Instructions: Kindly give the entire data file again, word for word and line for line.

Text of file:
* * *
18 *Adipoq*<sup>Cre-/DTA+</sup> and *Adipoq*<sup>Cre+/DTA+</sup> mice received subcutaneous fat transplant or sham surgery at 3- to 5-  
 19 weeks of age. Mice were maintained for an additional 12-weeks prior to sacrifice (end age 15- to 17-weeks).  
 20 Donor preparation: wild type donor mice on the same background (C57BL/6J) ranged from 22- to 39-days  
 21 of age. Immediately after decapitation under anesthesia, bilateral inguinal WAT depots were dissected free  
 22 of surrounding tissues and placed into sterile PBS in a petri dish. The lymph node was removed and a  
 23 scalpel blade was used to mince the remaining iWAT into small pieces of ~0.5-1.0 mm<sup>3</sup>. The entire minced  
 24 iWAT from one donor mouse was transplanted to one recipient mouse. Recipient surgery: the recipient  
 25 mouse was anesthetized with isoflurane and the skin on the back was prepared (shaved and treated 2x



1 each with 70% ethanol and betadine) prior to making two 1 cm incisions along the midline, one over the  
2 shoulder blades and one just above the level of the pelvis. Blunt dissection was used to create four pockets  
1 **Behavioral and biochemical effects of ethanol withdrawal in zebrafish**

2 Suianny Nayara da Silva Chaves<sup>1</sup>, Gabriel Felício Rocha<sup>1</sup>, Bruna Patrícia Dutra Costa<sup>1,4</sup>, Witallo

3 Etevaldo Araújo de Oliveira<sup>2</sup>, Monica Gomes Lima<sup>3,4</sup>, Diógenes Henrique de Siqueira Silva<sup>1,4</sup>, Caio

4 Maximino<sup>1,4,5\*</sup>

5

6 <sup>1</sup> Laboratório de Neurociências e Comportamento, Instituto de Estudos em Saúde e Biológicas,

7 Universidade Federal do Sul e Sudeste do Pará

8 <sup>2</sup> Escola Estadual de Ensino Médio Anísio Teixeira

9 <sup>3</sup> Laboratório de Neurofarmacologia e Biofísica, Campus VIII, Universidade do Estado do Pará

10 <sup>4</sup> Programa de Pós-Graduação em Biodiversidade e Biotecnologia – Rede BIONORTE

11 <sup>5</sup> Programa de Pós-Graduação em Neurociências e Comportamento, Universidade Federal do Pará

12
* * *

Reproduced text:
18 *Adipoq*<sup>Cre-/DTA+</sup> and *Adipoq*<sup>Cre+/DTA+</sup> mice received subcutaneous fat transplant or sham surgery at 3- to 5-  
 19 weeks of age. Mice were maintained for an additional 12-weeks prior to sacrifice (end age 15- to 17-weeks).  
 20 Donor preparation: wild type donor mice on the same background (C57BL/6J) ranged from 22- to 39-days  
 21 of age. Immediately after decapitation under anesthesia, bilateral inguinal WAT depots were dissected free  
 22 of surrounding tissues and placed into sterile PBS in a petri dish. The lymph node was removed and a  
 23 scalpel blade was used to mince the remaining iWAT into small pieces of ~0.5-1.0 mm<sup>3</sup>. The entire minced  
 24 iWAT from one donor mouse was transplanted to one recipient mouse. Recipient surgery: the recipient  
 25 mouse was anesthetized with isoflurane and the skin on the back was prepared (shaved and treated 2x



1 each with 70% ethanol and betadine) prior to making two 1 cm incisions along the midline, one over the  
2 shoulder blades and one just above the level of the pelvis. Blunt dissection was used to create four pockets  
1 **Behavioral and biochemical effects of ethanol withdrawal in zebrafish**

2 Suianny Nayara da Silva Chaves<sup>1</sup>, Gabriel Felício Rocha<sup>1</sup>, Bruna Patrícia Dutra Costa<sup>1,4</sup>, Witallo

3 Etevaldo Araújo de Oliveira<sup>2</sup>, Monica Gomes Lima<sup>3,4</sup>, Diógenes Henrique de Siqueira Silva<sup>1,4</sup>, Caio

4 Maximino<sup>1,4,5\*</sup>

5

6 <sup>1</sup> Laboratório de Neurociências e Comportamento, Instituto de Estudos em Saúde e Biológicas,

7 Universidade Federal do Sul e Sudeste do Pará

8 <sup>2</sup> Escola Estadual de Ensino Médio Anísio Teixeira

9 <sup>3</sup> Laboratório de Neurofarmacologia e Biofísica, Campus VIII, Universidade do Estado do Pará

10 <sup>4</sup> Programa de Pós-Graduação em Biodiversidade e Biotecnologia – Rede BIONORTE

11 <sup>5</sup> Programa de Pós-Graduação em Neurociências e Comportamento, Universidade Federal do Pará

12